Pivoting a Dispensary to Digital Ads

In the past, The Bakeréé—like many retailers in adult-use states—leaned heavily on event-based marketing, including New Years parties, in-store artist showcases, festival sponsorships and more. While they have used digital advertising for their own business, ad campaigns have primarily supported in-person events, such as through ticket sales for the New Years parties. This year, Shreeve had planned to go big on marketing for 4/20, putting together her own concert lineup that included up-and-coming hip-hop names from across the US. She was about to start promoting that concert with digital ads when the pandemic hit.

This ad for The Bakeréé appeared in The New York Times.

By early April, it had become clear that the 4/20 concert was not happening. Shreeve had already lost $20,000 in deposits on artists and the venue, which reduced the budget available for alternate marketing ideas. She decided to run a digital advertising campaign with a single display ad: The goal was to promote online ordering for curbside pickup.

While display ads are not generally known for their conversion rates, they’re a common place to start advertising cannabis due to their price point (impressions generally cost fractions of a cent) and ease of creation. Display ads can be run using programmatic ad tech, the current standard in digital advertising, which accounts for 70% of ads bought and sold in 2020. In most other industries, search and social ads through Google and Facebook are the go-to methods for digital advertising, but since both are closed to cannabis brands, programmatic is the best way for cannabis businesses to advertise digitally.

Starting with one display ad concept, and then adding a second, The Bakeréé ran their ads on a wide variety of mainstream websites, using demographic and geographic targeting to reach potential customers within a specific radius of each store. They also advertised to customers living near the closest competing dispensaries. The ads themselves focused primarily on promoting the ease of curbside pickup as well as offering a 10% discount on all online orders. Sales began to rise almost immediately.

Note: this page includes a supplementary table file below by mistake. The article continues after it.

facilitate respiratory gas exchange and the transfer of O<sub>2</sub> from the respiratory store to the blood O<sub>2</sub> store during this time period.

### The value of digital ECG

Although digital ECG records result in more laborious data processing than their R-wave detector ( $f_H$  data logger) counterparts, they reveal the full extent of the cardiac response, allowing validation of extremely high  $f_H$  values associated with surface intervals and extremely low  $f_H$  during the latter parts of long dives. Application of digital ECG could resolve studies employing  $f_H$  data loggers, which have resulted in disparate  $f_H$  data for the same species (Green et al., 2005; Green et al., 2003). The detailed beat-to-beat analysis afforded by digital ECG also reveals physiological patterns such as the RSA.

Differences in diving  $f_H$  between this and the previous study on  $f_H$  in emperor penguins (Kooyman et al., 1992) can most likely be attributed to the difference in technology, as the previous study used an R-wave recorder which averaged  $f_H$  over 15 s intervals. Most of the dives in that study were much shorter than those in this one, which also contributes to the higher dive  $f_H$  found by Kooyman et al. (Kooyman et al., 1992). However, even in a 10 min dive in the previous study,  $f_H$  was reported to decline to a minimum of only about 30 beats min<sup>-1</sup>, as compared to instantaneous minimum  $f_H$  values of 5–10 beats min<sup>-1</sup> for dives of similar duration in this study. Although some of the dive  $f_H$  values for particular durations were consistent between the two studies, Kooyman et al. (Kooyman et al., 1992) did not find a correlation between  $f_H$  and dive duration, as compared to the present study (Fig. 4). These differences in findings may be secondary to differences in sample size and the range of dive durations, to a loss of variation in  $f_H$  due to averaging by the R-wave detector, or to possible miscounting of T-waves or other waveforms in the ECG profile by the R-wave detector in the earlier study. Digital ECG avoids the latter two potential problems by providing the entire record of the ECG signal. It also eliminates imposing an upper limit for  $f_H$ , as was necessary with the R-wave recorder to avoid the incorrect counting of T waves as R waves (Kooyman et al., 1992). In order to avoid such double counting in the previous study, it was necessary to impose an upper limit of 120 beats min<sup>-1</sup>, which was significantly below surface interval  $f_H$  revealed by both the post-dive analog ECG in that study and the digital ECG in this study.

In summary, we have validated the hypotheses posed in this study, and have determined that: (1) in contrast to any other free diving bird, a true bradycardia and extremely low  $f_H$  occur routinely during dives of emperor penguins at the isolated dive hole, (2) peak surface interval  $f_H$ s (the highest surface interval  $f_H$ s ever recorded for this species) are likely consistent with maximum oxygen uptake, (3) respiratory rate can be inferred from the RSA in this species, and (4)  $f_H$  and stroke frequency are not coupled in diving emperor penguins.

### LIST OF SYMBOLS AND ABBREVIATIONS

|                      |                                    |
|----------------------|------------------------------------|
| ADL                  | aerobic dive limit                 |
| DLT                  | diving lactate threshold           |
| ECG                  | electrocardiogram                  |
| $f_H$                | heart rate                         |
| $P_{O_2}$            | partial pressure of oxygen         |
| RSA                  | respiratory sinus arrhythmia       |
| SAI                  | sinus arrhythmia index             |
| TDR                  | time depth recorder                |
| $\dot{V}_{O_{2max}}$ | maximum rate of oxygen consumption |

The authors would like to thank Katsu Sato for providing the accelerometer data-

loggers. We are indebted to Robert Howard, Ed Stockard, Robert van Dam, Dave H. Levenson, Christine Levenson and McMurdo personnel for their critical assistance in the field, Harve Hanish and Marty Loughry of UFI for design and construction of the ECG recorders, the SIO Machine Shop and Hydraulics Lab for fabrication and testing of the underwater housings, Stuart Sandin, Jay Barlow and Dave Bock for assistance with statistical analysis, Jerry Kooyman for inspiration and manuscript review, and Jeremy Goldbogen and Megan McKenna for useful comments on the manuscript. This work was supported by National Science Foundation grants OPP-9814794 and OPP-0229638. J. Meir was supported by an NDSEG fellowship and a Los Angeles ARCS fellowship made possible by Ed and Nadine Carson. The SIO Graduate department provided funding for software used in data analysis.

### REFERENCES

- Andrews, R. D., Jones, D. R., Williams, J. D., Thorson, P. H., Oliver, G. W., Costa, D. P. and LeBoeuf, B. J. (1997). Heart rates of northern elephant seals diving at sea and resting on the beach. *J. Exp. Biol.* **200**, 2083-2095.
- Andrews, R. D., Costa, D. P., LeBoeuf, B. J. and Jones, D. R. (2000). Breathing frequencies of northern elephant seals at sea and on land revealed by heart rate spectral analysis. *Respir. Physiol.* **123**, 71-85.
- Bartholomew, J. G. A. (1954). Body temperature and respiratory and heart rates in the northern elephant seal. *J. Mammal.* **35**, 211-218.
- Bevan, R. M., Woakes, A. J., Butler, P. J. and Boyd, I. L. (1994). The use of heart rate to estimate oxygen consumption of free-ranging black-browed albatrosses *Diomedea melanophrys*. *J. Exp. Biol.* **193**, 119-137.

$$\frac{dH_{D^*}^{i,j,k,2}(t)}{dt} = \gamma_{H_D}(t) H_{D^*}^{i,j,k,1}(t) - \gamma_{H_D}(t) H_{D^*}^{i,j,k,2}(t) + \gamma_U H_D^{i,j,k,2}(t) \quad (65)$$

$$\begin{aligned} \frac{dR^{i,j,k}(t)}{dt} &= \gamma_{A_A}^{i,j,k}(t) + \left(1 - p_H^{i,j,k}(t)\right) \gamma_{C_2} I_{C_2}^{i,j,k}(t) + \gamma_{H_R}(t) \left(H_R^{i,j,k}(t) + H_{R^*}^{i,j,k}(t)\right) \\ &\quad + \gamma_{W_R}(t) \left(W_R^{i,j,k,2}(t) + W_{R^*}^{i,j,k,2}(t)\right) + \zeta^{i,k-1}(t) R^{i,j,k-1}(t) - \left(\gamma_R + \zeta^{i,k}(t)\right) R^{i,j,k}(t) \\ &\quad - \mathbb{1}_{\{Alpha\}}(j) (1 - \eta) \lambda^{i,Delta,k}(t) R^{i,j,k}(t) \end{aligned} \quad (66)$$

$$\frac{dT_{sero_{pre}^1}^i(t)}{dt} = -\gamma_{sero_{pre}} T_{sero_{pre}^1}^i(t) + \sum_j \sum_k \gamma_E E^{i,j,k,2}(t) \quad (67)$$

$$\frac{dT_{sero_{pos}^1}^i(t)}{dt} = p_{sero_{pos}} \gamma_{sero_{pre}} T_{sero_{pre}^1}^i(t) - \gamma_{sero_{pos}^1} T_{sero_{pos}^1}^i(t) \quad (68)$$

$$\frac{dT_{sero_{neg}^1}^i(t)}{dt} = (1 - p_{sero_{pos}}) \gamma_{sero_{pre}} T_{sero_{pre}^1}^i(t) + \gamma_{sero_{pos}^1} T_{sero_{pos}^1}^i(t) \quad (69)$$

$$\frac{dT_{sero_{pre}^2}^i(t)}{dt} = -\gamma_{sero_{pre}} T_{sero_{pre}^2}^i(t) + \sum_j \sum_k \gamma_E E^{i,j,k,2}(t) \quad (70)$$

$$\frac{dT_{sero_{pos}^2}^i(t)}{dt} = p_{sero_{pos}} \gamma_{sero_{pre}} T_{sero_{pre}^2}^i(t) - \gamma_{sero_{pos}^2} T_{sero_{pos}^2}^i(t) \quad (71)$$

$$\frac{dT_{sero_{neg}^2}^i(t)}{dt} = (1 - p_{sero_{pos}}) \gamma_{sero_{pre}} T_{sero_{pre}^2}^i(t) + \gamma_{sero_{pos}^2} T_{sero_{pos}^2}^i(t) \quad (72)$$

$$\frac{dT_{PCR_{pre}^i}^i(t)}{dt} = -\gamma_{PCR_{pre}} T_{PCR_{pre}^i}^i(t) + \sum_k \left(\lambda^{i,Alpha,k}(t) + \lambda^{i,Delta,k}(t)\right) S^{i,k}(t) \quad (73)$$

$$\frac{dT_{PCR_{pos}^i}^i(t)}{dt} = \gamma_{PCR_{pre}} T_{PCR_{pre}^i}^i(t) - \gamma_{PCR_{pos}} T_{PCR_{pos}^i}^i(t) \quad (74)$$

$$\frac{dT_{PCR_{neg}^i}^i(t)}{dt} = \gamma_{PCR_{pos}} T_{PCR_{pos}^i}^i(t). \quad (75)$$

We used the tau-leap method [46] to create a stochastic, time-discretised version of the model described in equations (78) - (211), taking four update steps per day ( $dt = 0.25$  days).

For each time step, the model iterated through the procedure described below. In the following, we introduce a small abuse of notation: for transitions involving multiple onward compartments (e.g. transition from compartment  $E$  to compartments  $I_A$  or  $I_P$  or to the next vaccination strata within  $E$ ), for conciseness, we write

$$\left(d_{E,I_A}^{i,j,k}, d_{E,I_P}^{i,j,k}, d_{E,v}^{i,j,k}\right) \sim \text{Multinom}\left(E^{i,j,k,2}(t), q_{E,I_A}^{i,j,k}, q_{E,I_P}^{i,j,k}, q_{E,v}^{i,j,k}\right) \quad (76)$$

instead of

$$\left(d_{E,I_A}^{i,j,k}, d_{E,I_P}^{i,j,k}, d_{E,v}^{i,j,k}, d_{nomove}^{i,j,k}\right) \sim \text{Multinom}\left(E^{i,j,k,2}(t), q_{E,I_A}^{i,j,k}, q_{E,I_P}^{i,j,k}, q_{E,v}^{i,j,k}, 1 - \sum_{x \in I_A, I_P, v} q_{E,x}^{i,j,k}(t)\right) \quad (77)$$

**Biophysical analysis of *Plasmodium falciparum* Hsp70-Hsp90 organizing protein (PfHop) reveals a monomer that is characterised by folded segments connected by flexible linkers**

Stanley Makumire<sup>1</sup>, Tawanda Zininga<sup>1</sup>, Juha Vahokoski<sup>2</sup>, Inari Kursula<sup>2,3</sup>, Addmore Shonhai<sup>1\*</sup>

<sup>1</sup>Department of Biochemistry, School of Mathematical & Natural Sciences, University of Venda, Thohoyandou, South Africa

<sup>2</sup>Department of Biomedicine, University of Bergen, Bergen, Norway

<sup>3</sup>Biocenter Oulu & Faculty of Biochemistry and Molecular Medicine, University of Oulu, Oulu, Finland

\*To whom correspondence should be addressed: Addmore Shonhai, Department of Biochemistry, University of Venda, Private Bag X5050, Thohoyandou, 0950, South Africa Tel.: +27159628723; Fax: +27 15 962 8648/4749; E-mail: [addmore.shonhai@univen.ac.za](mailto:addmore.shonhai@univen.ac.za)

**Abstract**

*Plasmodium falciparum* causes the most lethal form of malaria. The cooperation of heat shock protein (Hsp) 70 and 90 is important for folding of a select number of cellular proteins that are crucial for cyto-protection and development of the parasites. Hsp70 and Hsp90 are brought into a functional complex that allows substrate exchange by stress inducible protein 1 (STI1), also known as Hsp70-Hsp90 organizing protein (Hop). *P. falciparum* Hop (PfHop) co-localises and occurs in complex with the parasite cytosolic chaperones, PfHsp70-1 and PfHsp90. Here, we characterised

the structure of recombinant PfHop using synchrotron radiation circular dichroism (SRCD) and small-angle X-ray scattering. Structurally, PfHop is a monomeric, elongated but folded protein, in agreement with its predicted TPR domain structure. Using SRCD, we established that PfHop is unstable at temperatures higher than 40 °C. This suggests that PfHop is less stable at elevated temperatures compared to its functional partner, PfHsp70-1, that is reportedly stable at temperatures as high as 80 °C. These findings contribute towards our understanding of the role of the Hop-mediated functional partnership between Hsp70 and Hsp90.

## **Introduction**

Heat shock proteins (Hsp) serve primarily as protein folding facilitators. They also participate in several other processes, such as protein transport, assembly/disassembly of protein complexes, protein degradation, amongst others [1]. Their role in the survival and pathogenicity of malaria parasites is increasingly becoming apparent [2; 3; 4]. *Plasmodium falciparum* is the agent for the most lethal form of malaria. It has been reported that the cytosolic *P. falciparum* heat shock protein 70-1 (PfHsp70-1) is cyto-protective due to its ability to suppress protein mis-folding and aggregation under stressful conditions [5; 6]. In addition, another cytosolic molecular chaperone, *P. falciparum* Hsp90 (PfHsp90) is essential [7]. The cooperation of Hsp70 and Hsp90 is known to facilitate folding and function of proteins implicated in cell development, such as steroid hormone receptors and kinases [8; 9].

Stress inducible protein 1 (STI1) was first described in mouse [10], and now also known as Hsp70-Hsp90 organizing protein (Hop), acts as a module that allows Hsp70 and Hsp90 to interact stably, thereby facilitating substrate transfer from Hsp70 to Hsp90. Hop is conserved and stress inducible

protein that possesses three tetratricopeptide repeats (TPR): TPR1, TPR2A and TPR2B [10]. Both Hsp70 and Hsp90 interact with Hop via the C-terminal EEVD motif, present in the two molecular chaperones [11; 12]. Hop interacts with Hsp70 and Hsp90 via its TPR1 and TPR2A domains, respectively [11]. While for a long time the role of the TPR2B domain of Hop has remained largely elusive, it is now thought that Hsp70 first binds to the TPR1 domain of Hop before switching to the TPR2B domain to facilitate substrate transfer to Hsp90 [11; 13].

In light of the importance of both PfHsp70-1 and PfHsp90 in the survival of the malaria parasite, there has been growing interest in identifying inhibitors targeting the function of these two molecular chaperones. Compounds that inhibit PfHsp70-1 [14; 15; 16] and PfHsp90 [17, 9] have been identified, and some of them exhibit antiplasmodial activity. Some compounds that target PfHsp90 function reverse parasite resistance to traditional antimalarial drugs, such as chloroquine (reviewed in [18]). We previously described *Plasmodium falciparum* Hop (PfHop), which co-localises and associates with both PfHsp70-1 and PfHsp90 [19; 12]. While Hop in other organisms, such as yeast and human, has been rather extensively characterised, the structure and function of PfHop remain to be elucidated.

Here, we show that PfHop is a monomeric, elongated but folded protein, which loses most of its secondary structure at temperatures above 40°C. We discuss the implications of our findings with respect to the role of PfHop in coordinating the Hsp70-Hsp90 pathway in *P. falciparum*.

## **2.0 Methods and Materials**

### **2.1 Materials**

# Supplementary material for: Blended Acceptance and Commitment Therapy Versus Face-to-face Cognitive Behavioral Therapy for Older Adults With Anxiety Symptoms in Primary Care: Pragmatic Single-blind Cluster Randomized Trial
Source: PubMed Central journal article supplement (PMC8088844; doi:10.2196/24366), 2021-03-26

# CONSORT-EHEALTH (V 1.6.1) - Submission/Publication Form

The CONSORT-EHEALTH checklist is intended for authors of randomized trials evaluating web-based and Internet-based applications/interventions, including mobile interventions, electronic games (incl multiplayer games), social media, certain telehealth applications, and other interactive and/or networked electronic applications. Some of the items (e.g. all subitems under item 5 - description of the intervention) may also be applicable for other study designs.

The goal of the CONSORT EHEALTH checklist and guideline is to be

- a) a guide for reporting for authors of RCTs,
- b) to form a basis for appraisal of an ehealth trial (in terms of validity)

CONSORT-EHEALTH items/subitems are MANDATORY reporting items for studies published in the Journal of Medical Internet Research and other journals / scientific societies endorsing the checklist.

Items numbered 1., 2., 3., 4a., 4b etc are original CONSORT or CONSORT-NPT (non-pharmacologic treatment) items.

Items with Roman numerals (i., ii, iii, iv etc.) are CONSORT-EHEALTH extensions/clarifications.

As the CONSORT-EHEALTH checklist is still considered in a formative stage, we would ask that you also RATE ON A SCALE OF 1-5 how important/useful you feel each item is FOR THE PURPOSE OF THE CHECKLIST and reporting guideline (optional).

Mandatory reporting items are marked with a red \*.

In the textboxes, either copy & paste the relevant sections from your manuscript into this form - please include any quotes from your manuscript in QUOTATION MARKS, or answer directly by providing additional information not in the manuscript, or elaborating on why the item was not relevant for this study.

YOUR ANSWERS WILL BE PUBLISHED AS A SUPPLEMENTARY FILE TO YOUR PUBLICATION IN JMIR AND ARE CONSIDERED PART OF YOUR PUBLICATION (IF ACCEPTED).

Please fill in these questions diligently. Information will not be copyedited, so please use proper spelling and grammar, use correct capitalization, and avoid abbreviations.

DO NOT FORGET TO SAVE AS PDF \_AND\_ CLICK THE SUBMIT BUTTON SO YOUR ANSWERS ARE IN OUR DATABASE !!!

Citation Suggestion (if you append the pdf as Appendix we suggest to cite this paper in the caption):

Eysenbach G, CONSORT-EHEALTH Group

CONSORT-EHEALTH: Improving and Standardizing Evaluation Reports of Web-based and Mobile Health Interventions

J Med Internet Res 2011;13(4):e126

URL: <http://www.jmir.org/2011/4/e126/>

Though April’s increase may have been due in part to 4/20’s impact on sales and a widespread stock-up mindset in the first month of the pandemic, The Bakeréé saw back-to-back-to-back months of YOY revenue growth at both their locations in April, May and June. From display ads on desktop they added mobile to the campaign, and in June added two 30-second video ads to build on the momentum generated by display.

Overall, The Bakeréé has seen a 13-fold return on ad spend, driving $153,000 in revenue from digital ads in the campaign’s first 90 days. The display ads have generated widespread use of the online ordering system, increased basket size to an average of $95.47, and grown online ordering revenue by 389%.

In the second half of the year, Shreeve says she hopes to expand the campaign to include connected TV and digital audio ads, particularly to support the launch of a new website with updated online ordering capabilities in Q3. And she still hopes to see more of the cannabis brands sold by The Bakeréé start advertising on their own, too: To that end, Shreeve is considering working with vendors to run co-branded advertisements that may help them adopt their own digital marketing initiatives sooner and drive more sales for everyone involved.


Suggested Readings

Case Study: The Bakeréé (PrograMetrix)

Programmatic Advertising: A Close Look at Cannabis (IAB)

White Paper: Digital Ads for Cannabis & CBD (PrograMetrix